Reducing heart rate leads to a decrease in myocardial oxygen demand and also an increase in myocardial oxygen supply. For this reason, beta-adrenergic antagonists have a role in angina management. Pharmacokinetics : liver metabolism, urine and feces elimination, half-life hr. Indications: supraventricular tachycardia, postmyocardial infarction, hypertension, angina, atrial fibrillation off-label. Contraindications: bradycardia, cardiogenic shock. Adverse Effects: bronchospasm, bradycardia, hypotension, cardiogenic shock. Drug Interaction: cocaine, epinephrine, calcium-channel blockers, digoxin. Black box warning : avoid abrupt withdrawal. It is typically used in oral form for chronic management of hypertension, angina, and atrial fibrillation. Acute use is limited to supraventricular tachycardia and patients who recently had a myocardial infarction.

However, this step is far enough down the algorithm that patients are typically at the hospital when the decision is made to start beta blockers. In stable narrow-complex tachycardia, rate control is the primary goal. Uncontrolled tachycardia increases myocardial oxygen demand and decrease myocardial oxygen supply. Cardiac ischemia will occur sooner or later, which can lead to cardiac arrest.

For patients in supraventricular tachycardia who are unresponsive to vagal maneuvers and adenosine, the next step is rate control with a beta block or calcium channel blocker Neumar et al, For atenolol, the adult dose is 5mg IV given over 5 minutes. This dose can be repeated in 10 minutes if the arrhythmia persists or reoccurs. This dose can also be used in patients with atrial fibrillation or atrial flutter who have rapid ventricular response.

This is also the regimen used for acute myocardial infarction, where oral dosing follows. Use of oral atenolol for chronic conditions, such as hypertension and angina, is not uncommon. Oral dosing of atenolol for EMS providers is not particularly relevant. Patients may be on these medications at home, which puts them at risk for adverse effects and drug interactions while receiving emergency care. Since beta blockers slow heart rate, they should not be used in patients who are already bradycardic. So, although beta blockers are used for patients after myocardial infarction this is only for those who are hemodynamically stable. For patients in cardiogenic shock, beta blockers are absolutely contraindicated and can lead to further deterioration of the condition.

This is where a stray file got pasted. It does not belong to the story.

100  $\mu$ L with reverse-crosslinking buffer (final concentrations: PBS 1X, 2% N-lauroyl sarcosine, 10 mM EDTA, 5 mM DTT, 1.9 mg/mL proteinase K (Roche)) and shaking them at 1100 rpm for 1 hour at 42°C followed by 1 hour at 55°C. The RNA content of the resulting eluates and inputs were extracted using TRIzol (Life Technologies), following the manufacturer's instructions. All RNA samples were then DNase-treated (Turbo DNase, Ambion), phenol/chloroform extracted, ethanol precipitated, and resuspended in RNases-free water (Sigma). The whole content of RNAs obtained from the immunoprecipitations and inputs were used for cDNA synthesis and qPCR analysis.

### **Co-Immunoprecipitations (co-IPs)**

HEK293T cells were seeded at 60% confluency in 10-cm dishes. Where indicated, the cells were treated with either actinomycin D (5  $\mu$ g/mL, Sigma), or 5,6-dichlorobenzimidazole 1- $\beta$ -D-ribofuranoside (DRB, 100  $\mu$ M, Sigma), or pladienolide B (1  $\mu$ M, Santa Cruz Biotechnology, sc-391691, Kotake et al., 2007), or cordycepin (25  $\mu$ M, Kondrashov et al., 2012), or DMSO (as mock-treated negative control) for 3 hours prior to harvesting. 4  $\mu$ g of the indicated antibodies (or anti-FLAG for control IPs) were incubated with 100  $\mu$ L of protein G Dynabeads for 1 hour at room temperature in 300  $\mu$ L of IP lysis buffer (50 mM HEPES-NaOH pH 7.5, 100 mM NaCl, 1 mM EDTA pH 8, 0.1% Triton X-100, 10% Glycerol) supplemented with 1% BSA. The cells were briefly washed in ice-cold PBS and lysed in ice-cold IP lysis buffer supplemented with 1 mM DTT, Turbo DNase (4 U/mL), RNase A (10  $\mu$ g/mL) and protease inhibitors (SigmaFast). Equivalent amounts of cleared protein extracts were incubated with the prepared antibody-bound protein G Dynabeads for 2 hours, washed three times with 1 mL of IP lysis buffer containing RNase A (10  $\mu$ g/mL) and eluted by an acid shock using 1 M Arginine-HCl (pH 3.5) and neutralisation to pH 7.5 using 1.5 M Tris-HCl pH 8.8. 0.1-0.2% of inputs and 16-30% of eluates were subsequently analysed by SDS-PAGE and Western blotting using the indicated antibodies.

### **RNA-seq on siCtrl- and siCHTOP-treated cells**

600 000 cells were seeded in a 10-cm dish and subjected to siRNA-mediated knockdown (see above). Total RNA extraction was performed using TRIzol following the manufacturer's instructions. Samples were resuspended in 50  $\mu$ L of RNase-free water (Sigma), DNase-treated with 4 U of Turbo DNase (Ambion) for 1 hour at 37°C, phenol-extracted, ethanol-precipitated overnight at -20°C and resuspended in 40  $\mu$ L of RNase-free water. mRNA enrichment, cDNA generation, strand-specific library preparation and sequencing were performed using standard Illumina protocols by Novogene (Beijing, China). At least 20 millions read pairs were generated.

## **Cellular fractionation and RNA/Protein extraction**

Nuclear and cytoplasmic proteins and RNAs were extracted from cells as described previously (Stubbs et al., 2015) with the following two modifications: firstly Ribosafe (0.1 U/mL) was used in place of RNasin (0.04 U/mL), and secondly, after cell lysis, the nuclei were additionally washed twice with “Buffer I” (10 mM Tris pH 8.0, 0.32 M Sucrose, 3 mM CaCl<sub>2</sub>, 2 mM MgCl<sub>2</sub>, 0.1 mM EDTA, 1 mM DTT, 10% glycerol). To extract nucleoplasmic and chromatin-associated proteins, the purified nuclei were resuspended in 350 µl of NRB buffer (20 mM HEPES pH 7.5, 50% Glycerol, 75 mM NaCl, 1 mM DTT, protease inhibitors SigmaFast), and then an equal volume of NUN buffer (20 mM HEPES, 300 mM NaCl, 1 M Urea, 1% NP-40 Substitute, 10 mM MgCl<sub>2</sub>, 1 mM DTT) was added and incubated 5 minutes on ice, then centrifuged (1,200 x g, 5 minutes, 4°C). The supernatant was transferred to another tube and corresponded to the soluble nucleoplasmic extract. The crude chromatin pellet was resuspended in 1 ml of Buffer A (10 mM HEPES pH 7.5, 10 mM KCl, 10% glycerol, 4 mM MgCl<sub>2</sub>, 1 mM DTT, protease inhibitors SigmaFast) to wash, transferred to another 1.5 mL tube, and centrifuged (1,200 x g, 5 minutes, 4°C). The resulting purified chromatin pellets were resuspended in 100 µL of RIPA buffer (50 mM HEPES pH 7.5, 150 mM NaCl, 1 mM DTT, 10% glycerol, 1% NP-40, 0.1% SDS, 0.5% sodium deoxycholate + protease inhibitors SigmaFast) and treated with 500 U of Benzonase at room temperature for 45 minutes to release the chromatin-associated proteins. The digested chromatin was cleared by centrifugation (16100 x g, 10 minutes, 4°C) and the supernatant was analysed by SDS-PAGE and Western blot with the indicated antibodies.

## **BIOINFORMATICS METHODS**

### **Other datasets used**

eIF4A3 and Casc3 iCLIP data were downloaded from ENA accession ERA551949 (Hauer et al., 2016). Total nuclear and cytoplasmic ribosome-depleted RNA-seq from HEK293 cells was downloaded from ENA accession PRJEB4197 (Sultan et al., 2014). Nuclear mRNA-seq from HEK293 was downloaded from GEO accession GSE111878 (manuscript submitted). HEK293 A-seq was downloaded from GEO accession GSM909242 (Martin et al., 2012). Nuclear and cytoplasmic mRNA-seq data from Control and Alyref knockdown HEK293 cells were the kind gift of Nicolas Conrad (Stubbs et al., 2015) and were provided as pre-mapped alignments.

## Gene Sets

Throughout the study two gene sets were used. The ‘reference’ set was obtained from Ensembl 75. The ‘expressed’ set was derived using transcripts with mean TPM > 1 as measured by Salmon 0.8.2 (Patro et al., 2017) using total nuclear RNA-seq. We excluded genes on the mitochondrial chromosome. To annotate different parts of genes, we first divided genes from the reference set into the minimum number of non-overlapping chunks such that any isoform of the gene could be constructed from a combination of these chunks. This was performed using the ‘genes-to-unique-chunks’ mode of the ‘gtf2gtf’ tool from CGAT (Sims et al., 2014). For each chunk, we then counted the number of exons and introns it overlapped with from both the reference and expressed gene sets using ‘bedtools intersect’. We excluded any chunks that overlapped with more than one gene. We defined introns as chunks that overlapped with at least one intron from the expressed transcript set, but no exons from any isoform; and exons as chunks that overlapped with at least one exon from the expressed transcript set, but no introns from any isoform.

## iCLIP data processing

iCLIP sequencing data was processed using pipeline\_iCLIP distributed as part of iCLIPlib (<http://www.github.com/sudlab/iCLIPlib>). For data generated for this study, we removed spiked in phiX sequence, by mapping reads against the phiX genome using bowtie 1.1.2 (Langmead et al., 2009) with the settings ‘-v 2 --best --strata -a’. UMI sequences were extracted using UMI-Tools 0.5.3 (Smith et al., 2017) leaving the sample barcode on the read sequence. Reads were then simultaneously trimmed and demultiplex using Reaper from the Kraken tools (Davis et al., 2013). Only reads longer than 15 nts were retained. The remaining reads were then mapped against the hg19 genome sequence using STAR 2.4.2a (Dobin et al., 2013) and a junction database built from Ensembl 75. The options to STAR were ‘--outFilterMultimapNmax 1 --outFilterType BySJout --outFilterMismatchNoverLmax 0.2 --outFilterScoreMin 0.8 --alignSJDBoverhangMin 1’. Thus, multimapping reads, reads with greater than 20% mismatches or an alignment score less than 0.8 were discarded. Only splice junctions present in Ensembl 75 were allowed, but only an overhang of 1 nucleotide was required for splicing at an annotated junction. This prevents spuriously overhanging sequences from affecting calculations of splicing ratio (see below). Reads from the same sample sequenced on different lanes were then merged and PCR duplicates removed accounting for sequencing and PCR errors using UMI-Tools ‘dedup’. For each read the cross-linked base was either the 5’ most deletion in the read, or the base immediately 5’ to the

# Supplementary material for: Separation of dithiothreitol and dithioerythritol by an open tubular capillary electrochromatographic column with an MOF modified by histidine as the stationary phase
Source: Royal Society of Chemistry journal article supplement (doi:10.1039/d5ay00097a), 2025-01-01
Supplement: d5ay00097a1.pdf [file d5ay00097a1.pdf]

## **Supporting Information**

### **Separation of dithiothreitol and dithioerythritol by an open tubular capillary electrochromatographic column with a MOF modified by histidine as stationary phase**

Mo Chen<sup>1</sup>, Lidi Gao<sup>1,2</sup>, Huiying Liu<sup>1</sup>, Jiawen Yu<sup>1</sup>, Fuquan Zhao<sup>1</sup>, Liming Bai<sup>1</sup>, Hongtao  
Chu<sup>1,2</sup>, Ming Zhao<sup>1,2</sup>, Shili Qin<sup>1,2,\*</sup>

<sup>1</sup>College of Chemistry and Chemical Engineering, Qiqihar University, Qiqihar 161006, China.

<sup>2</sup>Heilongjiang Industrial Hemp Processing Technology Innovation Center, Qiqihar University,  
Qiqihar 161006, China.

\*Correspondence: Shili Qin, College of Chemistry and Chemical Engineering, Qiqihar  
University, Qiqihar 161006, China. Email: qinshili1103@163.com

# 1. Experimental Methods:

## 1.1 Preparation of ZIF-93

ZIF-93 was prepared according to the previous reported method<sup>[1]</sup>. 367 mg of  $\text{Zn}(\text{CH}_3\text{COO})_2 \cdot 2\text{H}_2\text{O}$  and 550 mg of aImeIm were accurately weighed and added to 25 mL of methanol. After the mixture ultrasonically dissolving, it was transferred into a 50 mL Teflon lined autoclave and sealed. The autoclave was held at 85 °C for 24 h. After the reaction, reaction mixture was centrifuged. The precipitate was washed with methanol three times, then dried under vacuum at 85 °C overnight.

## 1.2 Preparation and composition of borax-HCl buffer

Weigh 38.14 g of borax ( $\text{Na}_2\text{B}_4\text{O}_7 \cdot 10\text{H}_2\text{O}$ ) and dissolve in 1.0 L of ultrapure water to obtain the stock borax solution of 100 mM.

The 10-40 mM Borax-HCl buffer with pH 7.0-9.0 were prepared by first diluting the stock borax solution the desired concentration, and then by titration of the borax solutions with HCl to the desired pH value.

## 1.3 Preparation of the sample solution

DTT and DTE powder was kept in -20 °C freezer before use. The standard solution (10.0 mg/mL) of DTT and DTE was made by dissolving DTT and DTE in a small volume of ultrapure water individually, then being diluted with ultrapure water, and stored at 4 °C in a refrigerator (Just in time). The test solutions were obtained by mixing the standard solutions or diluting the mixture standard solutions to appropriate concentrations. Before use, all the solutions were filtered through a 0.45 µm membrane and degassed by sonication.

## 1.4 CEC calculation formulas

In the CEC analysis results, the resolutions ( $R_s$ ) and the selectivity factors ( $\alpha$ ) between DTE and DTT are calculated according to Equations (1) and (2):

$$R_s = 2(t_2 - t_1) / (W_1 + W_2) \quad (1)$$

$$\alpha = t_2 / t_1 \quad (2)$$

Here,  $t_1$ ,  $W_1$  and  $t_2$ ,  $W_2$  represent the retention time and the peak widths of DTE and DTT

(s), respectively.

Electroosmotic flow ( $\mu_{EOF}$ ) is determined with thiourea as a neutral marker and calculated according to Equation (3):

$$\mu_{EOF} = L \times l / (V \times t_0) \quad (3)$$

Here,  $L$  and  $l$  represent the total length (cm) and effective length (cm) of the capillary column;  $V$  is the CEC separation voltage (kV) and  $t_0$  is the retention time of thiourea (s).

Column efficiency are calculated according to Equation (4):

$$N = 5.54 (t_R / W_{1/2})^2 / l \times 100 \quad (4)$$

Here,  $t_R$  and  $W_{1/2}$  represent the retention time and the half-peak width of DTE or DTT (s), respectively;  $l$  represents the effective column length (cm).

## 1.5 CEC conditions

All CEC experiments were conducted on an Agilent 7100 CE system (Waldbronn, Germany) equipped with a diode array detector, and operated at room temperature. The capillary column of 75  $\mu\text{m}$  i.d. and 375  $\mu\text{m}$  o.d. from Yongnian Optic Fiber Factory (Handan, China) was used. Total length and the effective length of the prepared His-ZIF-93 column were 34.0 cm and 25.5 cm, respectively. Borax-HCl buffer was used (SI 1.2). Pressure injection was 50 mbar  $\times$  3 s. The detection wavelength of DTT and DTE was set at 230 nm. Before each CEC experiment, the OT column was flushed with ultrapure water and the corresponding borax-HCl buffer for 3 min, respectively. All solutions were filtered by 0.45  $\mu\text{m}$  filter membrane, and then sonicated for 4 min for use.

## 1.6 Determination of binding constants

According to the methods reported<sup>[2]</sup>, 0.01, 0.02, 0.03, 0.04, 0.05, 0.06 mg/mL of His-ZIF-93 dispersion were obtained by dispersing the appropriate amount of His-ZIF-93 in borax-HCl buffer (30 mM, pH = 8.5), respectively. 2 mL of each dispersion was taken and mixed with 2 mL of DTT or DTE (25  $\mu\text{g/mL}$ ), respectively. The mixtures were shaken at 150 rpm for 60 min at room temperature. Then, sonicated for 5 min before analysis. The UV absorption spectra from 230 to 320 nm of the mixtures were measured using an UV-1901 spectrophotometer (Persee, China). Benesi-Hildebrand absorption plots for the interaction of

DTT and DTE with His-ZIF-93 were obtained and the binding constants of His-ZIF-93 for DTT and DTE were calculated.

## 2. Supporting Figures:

Beta blockers should be used cautiously or even avoided in patients who are taking medications that decrease heart rate, such as digoxin. The use of beta blockers in patients on calcium channel blockers can lead to asystole. Epinephrine may have reduced effects in patients who are beta blocked, which has implications for management of anaphylaxis. Cocaine toxicity is associated with tachycardia, hypertension, and coronary vasoconstriction. These patients should not be given beta blockers as a resultant unopposed alpha agonist effect can occur, leading to severe hypertension. For patients with chest pain and recent cocaine use, beta blockers can worsen the condition McCord et al, Beta blockers carry a black box warning with regard to abrupt withdrawal from chronic use, as this can lead to myocardial infarction and ventricular arrhythmias.

Pharmacokinetics : red blood cell esterase metabolism, urine elimination, half-life 9min. Indications: supraventricular tachycardia, hypertension, atrial fibrillation or flutter. It is metabolized by red blood cell esterases, so its half-life is not prolonged in renal failure or liver failure. It is available in intravenous form and is typically given as a bolus dose followed by an infusion.

Because of the short half-life, it is a very forgiving medication and can be used in bolus-only form to terminate arrhythmias. For ongoing arrhythmias and hypertension, an infusion is required, which necessitates having an infusion pump available. Adult dosing for supraventricular tachycardia, including atrial fibrillation and flutter, is 0. If the effect is inadequate, a second IV bolus dose of 0. This can be repeated up until a maximum infusion rate of 0. Esmolol is most likely to affect blood pressure if the hypertension is related to the tachycardia, versus low SVR for example. Also, the need for an infusion pump makes this medication less desirable as an option for hypertension management. Contraindications, side effects, and drug interactions are the same as for atenolol and other beta-blockers.

Esmolol is not for chronic use thus there is no black box warning for abrupt withdrawal. Doses higher than 0. Doses larger than 0. Pharmacokinetics : liver metabolism, urine elimination, half-life 6hr. Indications: acute hypertension. Contraindications: bradycardia, cardiogenic shock, asthma, hypotension. Labetalol is a beta-blocker available in oral and intravenous form that is different from most other beta blockers. The alpha:beta ratio is in oral form and in intravenous form, meaning labetalol has 7 times more beta-blocking effect than alpha-blocking effect when given IV MacCarthy et al, Labetalol is an option for oral hypertension management in adults, thus patients may present who are this therapy.

In oral form, the half-life is about hours. In IV form, the half-life is typically shorter but can be up to 18 hours depending on the dose and duration of infusion. Contrasting this with esmolol, one can see this is a much less forgiving medication as side effects can last significantly longer. AHA guidelines for the management of adult stroke include measures to control arterial hypertension in acute ischemic stroke patients who are potential candidates for acute reperfusion therapy e. Labetalol dosing for these patients is mg IV given over minutes, which may be repeated once Jauch et al, If reperfusion therapy has started e. Another option is nicardipine, discussed later in this chapter.